Unfair VAT on EV charging is the tip of a very big iceberg

Who should pay to power electric vehicles?

The late American politician Donald Rumsfeld famously stated there are ‘known knowns’ and ‘known unknowns’. So - we know we must go electric to decarbonise transport and meet climate change targets. We also know the transition must be paid for. But we do not yet know who will pay for it and how to make it fair.

Take VAT. Motorists fortunate enough to have home chargers currently pay 5% VAT for the electricity to charge their EVs. But power at public charging stations is rated at 20% VAT, on top of tariffs that are way more expensive than at home. This clearly favours relatively affluent early adopters who can afford EVs, home chargers and have smart meters to access cheap time-of-use tariffs.

But the VAT issue pales into insignificance compared with the big ‘known unknown’ – how can a government desperate for revenue reconcile compelling people to adopt EVs with a massive loss of income from fuel and road tax, derived from internal combustion engined (ICE) vehicles?

UK TAX CHASM

The UK treasury currently harvests £37 billion (1.7% of national economic output) per year from vehicle excise and fuel duties. That’s roughly £1,320 for each of Britain’s 28 million households. But EVs do not currently pay road or fuel tax. So how will the revenue gap be filled, when there will be an estimated 11 million EVs by 2030 (up from around 600,000 now) and the numbers keep rising as the ban on new ICE vehicles bites?

Chancellor Rishi Sunak announced in October 2021 that there will be new taxes ahead to pay decarbonising Britain – but he did not say on whom and what. And when he made his announcement, the full impact on households of forthcoming energy and national insurance rises was still over the horizon.

Given that we absolutely must go electric to decarbonise transport, the question is how to manage the transition as fairly and affordably as possible. The answer has to be a difficult balance of carrots and sticks. So what are the options?

CARROTS & STICKS

Around 85% of new car sales in Norway are EVs (under 19% in Britain), because the government has made them cheaper to buy and run than ICE cars. An electric VW Golf is cheaper to buy than a petrol version, because the latter attracts heavy carbon taxes, which are used to fund the nation’s electric ecosystem. EV drivers also benefit by law from minimum of 50% discounts on ferries, bridge tolls and parking. And local governments are mandated to install charging points pretty much everywhere.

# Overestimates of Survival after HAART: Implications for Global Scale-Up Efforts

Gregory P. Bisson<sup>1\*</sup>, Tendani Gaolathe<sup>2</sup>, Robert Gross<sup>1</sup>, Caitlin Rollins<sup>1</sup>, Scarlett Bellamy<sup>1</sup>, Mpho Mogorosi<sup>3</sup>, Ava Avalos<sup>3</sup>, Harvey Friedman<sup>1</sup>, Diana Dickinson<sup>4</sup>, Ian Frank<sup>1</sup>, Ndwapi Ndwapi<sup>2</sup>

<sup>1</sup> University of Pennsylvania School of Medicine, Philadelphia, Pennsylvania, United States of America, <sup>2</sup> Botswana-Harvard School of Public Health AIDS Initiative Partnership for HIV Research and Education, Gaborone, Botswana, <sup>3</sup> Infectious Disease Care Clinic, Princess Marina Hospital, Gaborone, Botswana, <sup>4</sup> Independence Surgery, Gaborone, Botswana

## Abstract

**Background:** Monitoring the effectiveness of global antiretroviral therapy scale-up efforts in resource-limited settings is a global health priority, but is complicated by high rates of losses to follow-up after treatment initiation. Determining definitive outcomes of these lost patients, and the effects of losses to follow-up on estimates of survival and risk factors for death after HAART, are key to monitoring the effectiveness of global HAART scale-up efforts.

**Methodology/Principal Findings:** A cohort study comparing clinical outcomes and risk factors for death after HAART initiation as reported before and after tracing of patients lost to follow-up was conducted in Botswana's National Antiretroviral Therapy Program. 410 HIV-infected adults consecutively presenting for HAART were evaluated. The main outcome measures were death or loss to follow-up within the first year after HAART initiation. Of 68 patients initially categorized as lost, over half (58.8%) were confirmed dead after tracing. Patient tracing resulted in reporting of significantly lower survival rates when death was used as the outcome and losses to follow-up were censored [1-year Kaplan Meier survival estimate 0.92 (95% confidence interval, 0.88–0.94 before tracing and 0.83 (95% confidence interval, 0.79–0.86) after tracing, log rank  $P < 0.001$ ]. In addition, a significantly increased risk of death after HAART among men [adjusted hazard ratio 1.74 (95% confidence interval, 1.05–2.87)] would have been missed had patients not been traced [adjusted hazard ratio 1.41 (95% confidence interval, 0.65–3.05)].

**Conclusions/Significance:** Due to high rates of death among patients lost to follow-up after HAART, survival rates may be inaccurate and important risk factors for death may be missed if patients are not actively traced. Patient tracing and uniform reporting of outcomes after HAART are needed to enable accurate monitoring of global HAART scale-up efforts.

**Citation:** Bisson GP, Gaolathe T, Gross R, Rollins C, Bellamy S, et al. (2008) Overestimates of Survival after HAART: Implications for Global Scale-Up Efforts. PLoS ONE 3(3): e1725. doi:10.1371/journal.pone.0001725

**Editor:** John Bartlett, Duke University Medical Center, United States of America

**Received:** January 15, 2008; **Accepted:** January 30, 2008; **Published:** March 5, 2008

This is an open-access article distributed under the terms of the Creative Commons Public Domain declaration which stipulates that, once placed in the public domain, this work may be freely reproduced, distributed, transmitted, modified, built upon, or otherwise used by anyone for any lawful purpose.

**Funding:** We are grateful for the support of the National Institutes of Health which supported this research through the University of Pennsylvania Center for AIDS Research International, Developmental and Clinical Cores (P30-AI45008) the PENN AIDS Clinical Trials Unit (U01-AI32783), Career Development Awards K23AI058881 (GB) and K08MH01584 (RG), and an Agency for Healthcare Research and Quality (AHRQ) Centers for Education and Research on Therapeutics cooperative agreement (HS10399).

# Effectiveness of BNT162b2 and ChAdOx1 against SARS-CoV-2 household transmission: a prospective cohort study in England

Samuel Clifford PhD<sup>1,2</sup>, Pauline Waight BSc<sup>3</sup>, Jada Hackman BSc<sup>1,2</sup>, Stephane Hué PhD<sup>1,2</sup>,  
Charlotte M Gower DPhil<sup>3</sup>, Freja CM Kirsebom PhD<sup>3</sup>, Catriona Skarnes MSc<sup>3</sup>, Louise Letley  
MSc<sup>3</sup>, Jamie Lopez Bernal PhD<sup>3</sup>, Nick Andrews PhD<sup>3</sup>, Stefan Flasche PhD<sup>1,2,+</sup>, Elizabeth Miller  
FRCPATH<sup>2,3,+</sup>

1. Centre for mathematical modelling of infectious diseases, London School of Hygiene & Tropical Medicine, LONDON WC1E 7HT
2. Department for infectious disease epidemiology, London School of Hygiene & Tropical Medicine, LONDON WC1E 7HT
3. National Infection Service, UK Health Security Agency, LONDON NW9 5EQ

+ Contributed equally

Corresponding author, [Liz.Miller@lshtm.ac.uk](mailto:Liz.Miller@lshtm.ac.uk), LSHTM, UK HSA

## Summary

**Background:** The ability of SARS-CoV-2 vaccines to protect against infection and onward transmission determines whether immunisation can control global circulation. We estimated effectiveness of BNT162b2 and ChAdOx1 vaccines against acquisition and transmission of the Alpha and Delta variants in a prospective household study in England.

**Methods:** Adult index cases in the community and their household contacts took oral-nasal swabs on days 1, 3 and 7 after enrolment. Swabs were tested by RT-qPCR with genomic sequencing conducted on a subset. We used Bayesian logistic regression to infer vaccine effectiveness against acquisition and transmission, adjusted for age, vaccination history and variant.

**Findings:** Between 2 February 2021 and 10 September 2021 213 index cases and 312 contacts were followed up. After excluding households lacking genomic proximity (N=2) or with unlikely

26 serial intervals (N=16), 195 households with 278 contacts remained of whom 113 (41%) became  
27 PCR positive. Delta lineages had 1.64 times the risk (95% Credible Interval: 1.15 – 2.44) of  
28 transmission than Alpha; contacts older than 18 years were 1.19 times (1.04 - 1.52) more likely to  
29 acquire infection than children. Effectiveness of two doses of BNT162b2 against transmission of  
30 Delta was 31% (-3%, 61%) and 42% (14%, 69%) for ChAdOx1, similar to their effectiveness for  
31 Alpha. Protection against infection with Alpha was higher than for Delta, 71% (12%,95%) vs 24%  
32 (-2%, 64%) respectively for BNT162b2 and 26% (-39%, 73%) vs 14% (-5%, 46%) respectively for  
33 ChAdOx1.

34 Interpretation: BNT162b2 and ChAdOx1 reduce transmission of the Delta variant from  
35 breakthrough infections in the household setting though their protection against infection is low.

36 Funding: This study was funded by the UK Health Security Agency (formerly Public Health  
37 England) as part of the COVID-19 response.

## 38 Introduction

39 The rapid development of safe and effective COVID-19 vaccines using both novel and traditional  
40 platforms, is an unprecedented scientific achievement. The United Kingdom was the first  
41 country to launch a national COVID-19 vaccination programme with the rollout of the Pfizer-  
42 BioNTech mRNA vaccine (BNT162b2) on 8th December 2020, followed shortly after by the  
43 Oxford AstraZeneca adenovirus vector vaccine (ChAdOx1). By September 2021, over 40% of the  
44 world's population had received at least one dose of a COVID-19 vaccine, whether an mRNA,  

Norway uses swingeing carbon taxes to pay for transport electrification. Carrots for EV drivers, hefty sticks for carbon emitters. That works in a country where wealth is distributed fairly evenly. It may be more problematic in Britain, where many people will be unable to afford buying an EV any time soon – and the political impact of taxing to the hilt old fossil-fuelled bangers (as well as gas and coal) could be unacceptable.

An additional problem is that an estimated eight million UK motorists live in flats and houses without the option for off street parking and a home charger – many of them less well off. Will they be forced to rely on expensive public chargers that may be a long way from where they live?

THE BALANCING ACT

Taxing fossil fuels even more heavily to pay for greener alternatives would have a devastating effect on poorer consumers, unless it was mitigated by measures to help them. Loading the cost onto general taxation is also an option. And so is borrowing even more money to add to our £2 trillion public debt, which would ultimately be paid by future generations.

But the unavoidable truth is that decarbonisation is going to be expensive – and we will all have to pay in the end.

Britain already has an increasingly vociferous lobby, proclaiming that the cost of meeting decarbonisation targets is too much and will cause more economic damage than climate change itself. These are two more ‘known unknowns’ – everyone knows that climate change is a threat and that tackling it will be economically challenging. But nobody has a definitive answer on how to balance the two.

REASONS TO BE CHEERFUL

Meanwhile, we are among the innovators delivering technologies which enable electricity grids to adapt to the new era of EVs and greener sources of power. And there are many positive ‘known knowns’. We know that distribution systems designed decades ago must adapt to radically different patterns electricity generation and consumption – without the unacceptable costs of rebuilding the whole national infrastructure. And we increasingly know how to do that.

The bottom line is that the UK already has many of the technologies to decarbonise transport with the mass market adoption of EVs. The economic and political questions of how to make it happen are yet to be answered.